Five leading women in government technology spoke about their careers in the public sector at AFFIRM’s Trailblazing Women in Government event on Jan. 26. We heard from:
- Stacy Dawn, Assistant Director for Privacy and Security Compliance, Office of Information Technology, U. S. Securities and Exchange Commission
- Beth Angerman Executive Director for Unified Shared Services Management Office, General Services Administration
- Adrian Burton, CIO of Information Technology, Health and Human Services Department, Health Resources and Services Administration
- Janice Haith, Deputy CIO, Department of Navy, Retired
- Renee Macklin, Director of IT for Enterprise Services, Commerce Department
The women shared what they learned from their experiences and how these lessons could benefit rising female leaders in technology. While many of us aspire to have half the impact and success these women have had throughout their careers, their guidance may make our goals more attainable. Here are four pieces of advice from the AFFIRM panel for women and girls in tech.
If you want to work in the public sector, be persistent
After working in the private sector and later being hired as CIO of International Trade at the Commerce Department, Macklin offered tailored advice for women looking to transition from the private sector to the public sector. “There are a lot more steps that we go through [in the public sector],” she said. “We’re looking at resumes only in some cases, because that gives you an opportunity to see somebody’s working experience.”
Let’s say you’ve kept up with USAJobs announcements and put all of your relevant experience on your resume and you still haven’t heard back. Dawn said to be relentless. “Just keep applying. There’s this thought out there that all the positions are already [filled, but I‘ve always hired the most qualified person for every position.”
The same applies to promotions within the public sector. Instead of letting your self-doubt get the best of you, apply for whatever position interests you. “You might be a little unsure, but they’re going to pick the best qualified,” Dawn said.
Prepare for Change
Given that the face of technology is always adapting, every panelist was in agreement that women seeking careers in both tech and the public sector should prepare themselves for constant change. “If you have a really strict career path that you’ve already laid out, it may be harder to do that than it would be to give yourself flexibility,” Angerman said. “Times change so fast and technology changes so fast that you have to be willing to accept whatever the new challenge is going to be.”
So how do you stay on top of the ever-changing face of tech? Be attentive. “Keep your head up,” Angerman said. “Pay attention to what’s happening around you, and how the technology and political landscapes are changing.”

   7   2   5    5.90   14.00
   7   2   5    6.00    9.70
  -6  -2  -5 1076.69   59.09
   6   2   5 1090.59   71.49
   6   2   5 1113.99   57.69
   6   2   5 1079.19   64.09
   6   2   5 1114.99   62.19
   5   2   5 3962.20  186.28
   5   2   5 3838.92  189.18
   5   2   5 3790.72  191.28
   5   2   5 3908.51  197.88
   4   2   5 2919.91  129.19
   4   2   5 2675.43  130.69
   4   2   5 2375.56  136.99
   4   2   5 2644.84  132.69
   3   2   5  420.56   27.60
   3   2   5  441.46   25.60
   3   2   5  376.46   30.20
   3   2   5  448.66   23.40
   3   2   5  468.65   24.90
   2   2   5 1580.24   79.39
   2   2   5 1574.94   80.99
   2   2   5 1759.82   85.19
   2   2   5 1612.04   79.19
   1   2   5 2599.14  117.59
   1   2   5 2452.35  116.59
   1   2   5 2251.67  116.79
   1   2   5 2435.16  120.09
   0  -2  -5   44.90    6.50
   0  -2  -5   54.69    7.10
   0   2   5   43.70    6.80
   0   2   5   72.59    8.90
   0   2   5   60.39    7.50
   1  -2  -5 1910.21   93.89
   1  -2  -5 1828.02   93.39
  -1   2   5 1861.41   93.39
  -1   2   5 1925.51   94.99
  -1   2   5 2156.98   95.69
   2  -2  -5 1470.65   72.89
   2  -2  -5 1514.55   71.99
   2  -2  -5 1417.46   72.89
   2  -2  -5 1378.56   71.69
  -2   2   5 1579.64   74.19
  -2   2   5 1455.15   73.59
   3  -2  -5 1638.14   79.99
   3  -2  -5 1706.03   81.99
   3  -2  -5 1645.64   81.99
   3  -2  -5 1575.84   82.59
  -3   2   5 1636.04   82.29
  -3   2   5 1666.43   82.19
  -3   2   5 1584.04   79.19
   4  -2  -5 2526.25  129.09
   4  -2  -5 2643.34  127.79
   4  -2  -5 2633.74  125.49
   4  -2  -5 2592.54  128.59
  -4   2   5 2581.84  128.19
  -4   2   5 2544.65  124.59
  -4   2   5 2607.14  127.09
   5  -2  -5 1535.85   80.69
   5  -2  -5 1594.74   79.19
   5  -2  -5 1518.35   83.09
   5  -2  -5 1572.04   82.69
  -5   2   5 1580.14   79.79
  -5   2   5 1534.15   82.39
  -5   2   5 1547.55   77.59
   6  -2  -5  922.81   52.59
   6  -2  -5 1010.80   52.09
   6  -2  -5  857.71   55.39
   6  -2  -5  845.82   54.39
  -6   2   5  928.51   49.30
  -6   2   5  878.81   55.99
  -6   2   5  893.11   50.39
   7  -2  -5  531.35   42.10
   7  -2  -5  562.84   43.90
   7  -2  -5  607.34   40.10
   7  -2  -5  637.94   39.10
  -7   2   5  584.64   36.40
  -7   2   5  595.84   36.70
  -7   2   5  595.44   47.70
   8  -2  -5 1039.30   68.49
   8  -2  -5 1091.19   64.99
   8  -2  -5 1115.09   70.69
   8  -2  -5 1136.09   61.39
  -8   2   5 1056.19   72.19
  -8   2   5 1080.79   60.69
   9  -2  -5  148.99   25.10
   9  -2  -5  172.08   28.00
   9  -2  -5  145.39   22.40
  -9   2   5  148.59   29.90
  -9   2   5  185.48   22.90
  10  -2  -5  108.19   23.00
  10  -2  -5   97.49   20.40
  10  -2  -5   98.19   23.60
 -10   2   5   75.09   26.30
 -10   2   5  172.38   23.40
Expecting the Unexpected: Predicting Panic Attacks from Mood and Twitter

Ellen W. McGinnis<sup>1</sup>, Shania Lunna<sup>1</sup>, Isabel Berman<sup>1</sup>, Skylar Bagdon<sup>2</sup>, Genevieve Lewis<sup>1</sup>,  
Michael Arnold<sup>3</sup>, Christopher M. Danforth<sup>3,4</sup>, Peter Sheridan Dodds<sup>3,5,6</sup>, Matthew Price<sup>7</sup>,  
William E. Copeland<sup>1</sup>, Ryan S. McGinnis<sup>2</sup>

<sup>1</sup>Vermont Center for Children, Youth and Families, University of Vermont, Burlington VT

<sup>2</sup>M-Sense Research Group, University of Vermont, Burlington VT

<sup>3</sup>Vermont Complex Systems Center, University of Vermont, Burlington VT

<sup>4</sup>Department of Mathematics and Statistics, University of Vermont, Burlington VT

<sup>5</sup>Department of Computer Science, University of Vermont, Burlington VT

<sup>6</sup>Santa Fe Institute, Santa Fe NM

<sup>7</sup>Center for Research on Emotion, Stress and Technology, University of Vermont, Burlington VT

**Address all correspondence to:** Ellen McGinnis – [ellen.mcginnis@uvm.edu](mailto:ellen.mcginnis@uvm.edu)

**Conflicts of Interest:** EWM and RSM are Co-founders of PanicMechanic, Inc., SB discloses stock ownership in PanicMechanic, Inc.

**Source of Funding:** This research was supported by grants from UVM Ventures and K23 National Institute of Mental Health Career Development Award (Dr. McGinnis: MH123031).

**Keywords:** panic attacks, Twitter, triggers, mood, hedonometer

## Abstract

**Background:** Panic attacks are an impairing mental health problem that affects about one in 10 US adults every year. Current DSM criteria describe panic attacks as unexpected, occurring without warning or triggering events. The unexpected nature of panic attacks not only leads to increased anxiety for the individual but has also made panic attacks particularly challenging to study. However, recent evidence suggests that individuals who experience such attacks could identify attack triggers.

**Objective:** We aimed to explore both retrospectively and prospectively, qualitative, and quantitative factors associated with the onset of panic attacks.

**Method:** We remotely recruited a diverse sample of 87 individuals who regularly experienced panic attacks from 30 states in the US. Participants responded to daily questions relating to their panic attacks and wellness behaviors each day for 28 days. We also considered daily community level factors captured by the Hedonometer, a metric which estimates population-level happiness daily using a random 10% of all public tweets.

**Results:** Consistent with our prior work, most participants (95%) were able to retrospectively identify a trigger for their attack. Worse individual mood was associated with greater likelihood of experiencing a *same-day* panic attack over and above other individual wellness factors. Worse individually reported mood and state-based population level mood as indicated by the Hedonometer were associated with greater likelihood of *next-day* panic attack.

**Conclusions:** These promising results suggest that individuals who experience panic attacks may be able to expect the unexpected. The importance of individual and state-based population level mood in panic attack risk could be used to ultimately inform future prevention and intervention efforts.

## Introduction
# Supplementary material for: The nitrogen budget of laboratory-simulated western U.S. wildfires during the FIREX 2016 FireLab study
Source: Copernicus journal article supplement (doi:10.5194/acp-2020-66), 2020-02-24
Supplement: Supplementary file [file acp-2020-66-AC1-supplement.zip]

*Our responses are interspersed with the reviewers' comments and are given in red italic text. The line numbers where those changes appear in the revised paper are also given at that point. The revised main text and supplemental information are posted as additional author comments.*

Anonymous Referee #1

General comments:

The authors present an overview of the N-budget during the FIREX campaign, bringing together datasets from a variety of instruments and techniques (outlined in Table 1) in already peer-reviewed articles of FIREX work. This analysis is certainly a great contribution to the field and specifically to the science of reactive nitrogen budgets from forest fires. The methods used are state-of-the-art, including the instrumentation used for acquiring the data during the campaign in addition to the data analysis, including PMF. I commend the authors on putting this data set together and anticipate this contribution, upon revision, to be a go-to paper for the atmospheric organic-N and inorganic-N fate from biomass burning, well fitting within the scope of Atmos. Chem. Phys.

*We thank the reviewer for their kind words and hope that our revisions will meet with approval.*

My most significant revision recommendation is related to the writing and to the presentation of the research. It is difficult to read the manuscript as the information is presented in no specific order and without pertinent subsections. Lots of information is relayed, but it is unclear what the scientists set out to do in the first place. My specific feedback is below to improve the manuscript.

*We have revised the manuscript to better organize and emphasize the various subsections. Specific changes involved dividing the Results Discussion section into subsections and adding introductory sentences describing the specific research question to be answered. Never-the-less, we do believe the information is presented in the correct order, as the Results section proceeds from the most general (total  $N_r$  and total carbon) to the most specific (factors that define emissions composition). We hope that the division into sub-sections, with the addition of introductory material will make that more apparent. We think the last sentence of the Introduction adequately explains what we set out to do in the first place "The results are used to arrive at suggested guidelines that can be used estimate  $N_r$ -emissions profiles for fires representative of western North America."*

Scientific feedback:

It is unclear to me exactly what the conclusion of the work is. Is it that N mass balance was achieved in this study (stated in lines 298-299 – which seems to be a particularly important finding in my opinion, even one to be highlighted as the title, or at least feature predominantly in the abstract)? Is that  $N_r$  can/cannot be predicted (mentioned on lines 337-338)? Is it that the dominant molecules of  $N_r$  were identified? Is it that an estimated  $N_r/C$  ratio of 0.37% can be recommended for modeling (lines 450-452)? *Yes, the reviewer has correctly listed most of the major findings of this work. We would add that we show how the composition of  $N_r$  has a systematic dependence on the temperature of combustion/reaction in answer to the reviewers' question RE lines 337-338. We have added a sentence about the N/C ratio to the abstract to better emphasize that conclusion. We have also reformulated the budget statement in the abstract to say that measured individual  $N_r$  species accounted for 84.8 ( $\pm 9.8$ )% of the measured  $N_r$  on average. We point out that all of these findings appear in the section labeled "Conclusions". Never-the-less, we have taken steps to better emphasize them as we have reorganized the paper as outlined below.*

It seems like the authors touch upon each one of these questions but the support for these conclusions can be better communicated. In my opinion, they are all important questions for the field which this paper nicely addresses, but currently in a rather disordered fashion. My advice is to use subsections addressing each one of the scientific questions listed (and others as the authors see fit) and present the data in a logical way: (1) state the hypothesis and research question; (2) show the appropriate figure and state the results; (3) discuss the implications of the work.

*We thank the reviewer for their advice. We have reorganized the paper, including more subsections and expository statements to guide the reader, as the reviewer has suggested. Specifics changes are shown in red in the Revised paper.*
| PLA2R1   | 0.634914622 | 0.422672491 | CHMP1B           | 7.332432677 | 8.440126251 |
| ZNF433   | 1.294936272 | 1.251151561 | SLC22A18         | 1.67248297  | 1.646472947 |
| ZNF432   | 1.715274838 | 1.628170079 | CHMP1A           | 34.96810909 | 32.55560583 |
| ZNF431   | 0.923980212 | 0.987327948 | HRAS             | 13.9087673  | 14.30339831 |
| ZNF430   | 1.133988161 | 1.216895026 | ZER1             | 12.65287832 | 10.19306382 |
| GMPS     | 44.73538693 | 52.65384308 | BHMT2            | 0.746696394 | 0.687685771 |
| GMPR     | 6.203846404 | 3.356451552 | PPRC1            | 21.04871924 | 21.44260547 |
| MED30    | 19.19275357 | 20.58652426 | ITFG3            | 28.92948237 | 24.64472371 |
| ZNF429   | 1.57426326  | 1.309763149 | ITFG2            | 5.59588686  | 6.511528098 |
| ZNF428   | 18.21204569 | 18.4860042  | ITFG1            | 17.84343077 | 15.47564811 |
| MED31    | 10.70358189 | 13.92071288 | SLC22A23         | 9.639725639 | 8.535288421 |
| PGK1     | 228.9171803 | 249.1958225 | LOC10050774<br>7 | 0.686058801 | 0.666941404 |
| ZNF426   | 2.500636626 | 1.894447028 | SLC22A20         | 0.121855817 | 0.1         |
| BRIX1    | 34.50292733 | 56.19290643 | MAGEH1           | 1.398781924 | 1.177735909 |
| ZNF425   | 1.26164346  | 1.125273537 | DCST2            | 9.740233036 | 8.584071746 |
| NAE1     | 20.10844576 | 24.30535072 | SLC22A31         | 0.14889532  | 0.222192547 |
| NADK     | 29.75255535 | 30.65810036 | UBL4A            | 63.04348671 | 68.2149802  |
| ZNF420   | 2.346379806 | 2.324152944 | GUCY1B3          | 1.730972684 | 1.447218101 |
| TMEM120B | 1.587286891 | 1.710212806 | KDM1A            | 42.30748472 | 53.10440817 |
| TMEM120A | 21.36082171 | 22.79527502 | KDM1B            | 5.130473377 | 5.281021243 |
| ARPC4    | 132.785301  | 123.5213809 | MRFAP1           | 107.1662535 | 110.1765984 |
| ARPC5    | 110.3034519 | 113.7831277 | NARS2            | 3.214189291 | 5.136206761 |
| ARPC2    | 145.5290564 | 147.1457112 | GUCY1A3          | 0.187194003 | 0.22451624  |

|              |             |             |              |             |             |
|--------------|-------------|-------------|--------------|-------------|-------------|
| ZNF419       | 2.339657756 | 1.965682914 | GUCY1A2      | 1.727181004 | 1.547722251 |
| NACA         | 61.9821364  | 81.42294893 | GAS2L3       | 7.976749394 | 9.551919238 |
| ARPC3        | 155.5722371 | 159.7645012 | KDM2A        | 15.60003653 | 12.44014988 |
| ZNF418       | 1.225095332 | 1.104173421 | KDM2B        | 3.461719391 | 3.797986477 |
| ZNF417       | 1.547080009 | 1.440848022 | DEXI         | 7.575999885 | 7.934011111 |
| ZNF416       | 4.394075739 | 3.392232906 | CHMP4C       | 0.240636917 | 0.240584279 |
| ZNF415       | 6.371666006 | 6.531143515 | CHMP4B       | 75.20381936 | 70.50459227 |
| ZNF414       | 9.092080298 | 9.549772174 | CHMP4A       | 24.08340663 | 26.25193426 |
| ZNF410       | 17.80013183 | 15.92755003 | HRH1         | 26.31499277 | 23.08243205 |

“Education is still very important,” Macklin added. “It’s very important to continue to develop professionally, because if you don’t, you can’t stay on top of what’s happening”.
Seek out diverse experiences
In addition to being prepared for change, the panelists suggested seeking change as well. Burton mentioned receiving a lot of skepticism early in her career after moving from the Office of Management and Budget to The Centers for Medicaid and Medicare services and later to Indian Health. She said that the diversity in her experiences make her a better CIO. “Move around, try different positions, and be open to new experiences in life. Don’t let yourself stay in one organization for a really long time.”
She also said that with new experiences, come welcomed challenges. “Do some unusual or hard things, because you learn from them. Don’t wait for somebody else to push you. You have to push yourself.”
Dawn learned this critical piece of advice as an intern for the Air Force. “They always told me that if I wanted to move up the ladder, I needed to get a breadth of experience. I rotated between databases and information assurance, helpdesk and networks. I got involved in each of the layers, so that I understood how IT works together,” she said.
While changing positions often welcomes risk and rejection, the panel acknowledged that risk is essential to achievement for any career. Plus, Macklin encouraged that if you’re capable of taking risk, “yu can always rebound.”
If you don’t have a seat at the table, pull up a chair
Burton was once the only woman at a table of 27 CIOs at the National Institutes of Health. So what do you do if you’re one of few women in the board room? “Sit at the table like you belong,” she said. “Because you may be the first and it may be uncomfortable initially, but over time you build credibility.” In order to build this credibility, the panelists had a few words of advice:
Speak up: “Participate in the conversation to ensure that you’re helping to build what the solution is, whatever that may be,” Macklin said.
Be Prepared: “Make sure you understand all the different aspects of the issue and the diversity of the opinions about the topic,” Haith said. “Then you can get your case across. “
Listen: “I find that most often everybody has something to say,” Angerman said. “You have to find the courage to say it, but we always have something to learn. Assert yourself in the same way that you are listening to other people.”
Finally, remember that you belong at the table. Diversity in IT is important, because differences in opinions leads to better outcomes. “Everybody brings something to the table,” Macklin said. “And no one point of view is this is the only way. When you embrace that, you get a better solution.”